Rough Rider, still guest-blogging for the loose Moose, notes that Fred Hiatt, editorial page editor of the Washington Post, got it right on Monday when he built his argument for the Iraq enterprise around the views of an Iraqi. The Iraqi was vice president Adel Abdul Mahdi, who argued passionately for Iraq's "tremendous achievements." "Turnout was high in Iraq's first election, higher for its constitutional referendum and will be higher still, [Mahdi] said, in the December vote -- all despite death threats to anyone who votes. In the face of terror, Iraq's progress toward democracy is unprecedented in the Middle East."
Okay, Mahdi has an interest in saying these things. He's part of the current establishment and hopes to be prime minister after the Dec. 15 elections. But the Iraqi vice president surely has a better on-the-ground view than any deskbound American commentator or, for that matter, any American in Iraq, journalistic or diplomatic. It's his country. And what he is saying is the simple truth. It's so simple, in fact, that too many of our compatriots simply overlook it.
The Rough Rider is always amazed that so many Americans tend to debate the Iraq war purely from an American point of view. Doesn't it matter what Iraqis think? If they believe the invasion was right, if they think democracy is worth fighting really hard for despite bitter losses (like, say, Valley Forge, Belleau Wood, Normandy, and Inchon), if they think they still have a chance to become the Arab world's first fully functioning democracy (with apologies to semi-democratic Lebanon), then shouldn't that significantly influence our debate?
The notion that Iraqi views matter most was put forth in an important new book, A Matter Of Principle: Humanitarian Arguments for War in Iraq, edited by Wellesley College's Thomas Cushman. Rough Rider reviewed it in the current Blueprint magazine and was led to the "inescapable observation that anti-war-ism is primarily about us, not them. Many war opponents, often still traumatized by Vietnam, are preoccupied with what invading Iraq says about America rather than what it does for the Iraqis."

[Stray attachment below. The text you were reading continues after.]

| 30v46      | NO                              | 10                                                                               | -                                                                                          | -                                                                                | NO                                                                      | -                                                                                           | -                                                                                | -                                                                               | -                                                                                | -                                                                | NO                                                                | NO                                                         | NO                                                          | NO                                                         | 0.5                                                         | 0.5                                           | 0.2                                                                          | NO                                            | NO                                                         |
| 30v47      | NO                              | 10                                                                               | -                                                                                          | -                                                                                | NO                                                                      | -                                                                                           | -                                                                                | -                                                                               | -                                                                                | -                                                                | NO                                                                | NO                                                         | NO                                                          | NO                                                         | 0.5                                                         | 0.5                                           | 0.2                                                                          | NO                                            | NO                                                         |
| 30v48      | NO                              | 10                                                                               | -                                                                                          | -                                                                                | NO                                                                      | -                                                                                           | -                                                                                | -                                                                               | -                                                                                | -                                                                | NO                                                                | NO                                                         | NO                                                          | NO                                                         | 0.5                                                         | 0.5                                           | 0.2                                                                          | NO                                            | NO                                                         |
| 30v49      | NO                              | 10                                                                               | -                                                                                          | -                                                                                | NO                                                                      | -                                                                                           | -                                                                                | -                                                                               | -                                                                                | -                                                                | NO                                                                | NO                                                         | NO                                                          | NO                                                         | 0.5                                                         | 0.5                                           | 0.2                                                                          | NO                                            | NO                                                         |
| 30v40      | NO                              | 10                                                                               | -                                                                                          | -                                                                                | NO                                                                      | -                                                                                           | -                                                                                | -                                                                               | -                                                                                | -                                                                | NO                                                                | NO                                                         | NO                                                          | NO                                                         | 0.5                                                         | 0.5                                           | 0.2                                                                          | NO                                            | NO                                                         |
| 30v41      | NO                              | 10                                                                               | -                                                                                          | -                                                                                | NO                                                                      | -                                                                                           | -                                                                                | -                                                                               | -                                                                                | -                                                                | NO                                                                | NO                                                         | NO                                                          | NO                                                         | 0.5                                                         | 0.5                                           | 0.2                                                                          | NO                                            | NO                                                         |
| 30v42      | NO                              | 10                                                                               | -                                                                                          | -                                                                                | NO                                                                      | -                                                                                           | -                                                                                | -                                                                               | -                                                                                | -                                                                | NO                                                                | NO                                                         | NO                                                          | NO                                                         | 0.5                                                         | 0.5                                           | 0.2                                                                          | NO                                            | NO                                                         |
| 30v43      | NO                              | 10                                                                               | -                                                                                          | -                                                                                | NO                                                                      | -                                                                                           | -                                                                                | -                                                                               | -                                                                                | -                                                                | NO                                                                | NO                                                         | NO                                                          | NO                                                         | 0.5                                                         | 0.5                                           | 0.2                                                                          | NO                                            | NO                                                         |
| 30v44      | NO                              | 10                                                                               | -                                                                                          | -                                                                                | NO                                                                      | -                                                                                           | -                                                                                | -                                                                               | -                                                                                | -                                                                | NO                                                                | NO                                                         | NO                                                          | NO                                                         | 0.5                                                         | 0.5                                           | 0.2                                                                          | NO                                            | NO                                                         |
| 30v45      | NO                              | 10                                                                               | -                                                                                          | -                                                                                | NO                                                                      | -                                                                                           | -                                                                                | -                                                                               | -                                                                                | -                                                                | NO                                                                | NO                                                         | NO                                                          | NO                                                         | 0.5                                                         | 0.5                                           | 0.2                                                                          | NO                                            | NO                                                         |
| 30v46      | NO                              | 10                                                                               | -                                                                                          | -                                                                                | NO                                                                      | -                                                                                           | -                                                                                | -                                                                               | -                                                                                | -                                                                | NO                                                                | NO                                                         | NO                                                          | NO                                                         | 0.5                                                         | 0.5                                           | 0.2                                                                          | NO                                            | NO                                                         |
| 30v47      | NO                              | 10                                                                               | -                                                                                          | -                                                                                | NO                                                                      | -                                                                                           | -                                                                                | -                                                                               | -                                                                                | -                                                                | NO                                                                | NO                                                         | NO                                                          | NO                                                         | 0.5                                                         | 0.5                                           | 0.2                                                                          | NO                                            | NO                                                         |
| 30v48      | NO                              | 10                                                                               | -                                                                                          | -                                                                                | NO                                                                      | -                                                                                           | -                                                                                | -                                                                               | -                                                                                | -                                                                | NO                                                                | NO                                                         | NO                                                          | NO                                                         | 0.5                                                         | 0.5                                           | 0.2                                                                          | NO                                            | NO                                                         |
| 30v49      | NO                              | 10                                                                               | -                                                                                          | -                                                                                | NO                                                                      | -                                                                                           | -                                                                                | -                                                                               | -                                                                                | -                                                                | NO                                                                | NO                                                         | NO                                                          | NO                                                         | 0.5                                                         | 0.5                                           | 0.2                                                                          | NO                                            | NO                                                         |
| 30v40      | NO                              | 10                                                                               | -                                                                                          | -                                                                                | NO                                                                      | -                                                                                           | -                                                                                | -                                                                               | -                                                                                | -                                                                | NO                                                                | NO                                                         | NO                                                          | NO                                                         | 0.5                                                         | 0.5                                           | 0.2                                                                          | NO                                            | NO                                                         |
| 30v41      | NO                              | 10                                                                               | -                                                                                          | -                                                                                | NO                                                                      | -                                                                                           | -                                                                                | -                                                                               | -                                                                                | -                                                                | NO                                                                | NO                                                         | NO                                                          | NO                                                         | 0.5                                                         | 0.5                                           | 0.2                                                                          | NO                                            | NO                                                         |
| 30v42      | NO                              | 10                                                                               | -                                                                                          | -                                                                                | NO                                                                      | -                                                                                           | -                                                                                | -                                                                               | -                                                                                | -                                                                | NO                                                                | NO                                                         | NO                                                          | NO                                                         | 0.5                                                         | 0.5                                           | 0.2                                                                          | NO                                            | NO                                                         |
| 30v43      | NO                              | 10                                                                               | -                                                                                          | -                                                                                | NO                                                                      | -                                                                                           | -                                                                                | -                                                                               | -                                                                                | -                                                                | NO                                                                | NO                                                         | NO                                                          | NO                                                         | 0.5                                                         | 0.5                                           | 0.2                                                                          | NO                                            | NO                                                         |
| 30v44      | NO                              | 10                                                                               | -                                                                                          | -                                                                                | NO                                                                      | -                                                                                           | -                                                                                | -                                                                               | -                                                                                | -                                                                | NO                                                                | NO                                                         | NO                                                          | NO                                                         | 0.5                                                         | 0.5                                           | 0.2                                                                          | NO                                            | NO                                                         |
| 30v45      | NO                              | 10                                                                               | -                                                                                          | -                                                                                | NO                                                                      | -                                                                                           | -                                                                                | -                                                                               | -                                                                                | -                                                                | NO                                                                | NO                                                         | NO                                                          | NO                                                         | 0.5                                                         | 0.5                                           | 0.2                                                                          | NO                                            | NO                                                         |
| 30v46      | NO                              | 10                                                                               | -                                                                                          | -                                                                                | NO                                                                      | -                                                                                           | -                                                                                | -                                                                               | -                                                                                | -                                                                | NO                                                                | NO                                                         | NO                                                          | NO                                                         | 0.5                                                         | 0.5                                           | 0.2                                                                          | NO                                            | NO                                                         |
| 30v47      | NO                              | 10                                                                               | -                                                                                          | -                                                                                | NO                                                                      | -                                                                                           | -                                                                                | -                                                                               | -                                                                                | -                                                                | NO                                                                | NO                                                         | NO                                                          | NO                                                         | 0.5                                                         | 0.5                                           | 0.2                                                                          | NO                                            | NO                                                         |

The Rough Rider questions his belief in the Iraq enterprise with every report of U.S. deaths and, for that matter, Iraqi deaths, which are far higher. But his rage against the insurgents -- and his belief that America has, inescapably, a unique and positive role to play in the world -- makes him all the more determined to support the fight against people who bomb wedding parties and children's schools.
Absent the violent insurgency, in fact, Iraq would not be a half-bad place: a country recovering from a long dictatorship, a brief war followed by a confused occupation, now in the throes of redevelopment and democratization, making progress every day, with divisive fights over regional and sectarian power-sharing. What's not to like about that -- except for the confused occupation? The main problem, really, is the bad guys, and the phenomenal success of the world's leading mass murderer, Abu Musab al-Zarqawi, The Jordanian former village drunk turned über-terrorist is now considered a bigger deal than Osama bin Laden. He has figured out how to destroy a country, if we let him. (The best article to date on Zarqawi is a new three-part report by the German weekly Die Weltwoche -- with a just-released English translation by signandsight.de.)
You gotta see this, Rough Rider thinks, from an Iraqi point of view. That's what serves, ultimately, the American interest. Yet Daily Kos published a puerile attack on Fred Hiatt by Armando that, in its self-referential argument, only proves Rough Rider's point. To Armando, this is not about Iraq, it's about America. He's got the telescope on backwards. He's looking at himself; a mirror will do for that.
P.S. -- Rough Rider didn't know President Bush read BullMooseblog.com. But he must have, since he did the right thing Wednesday in Kyoto. --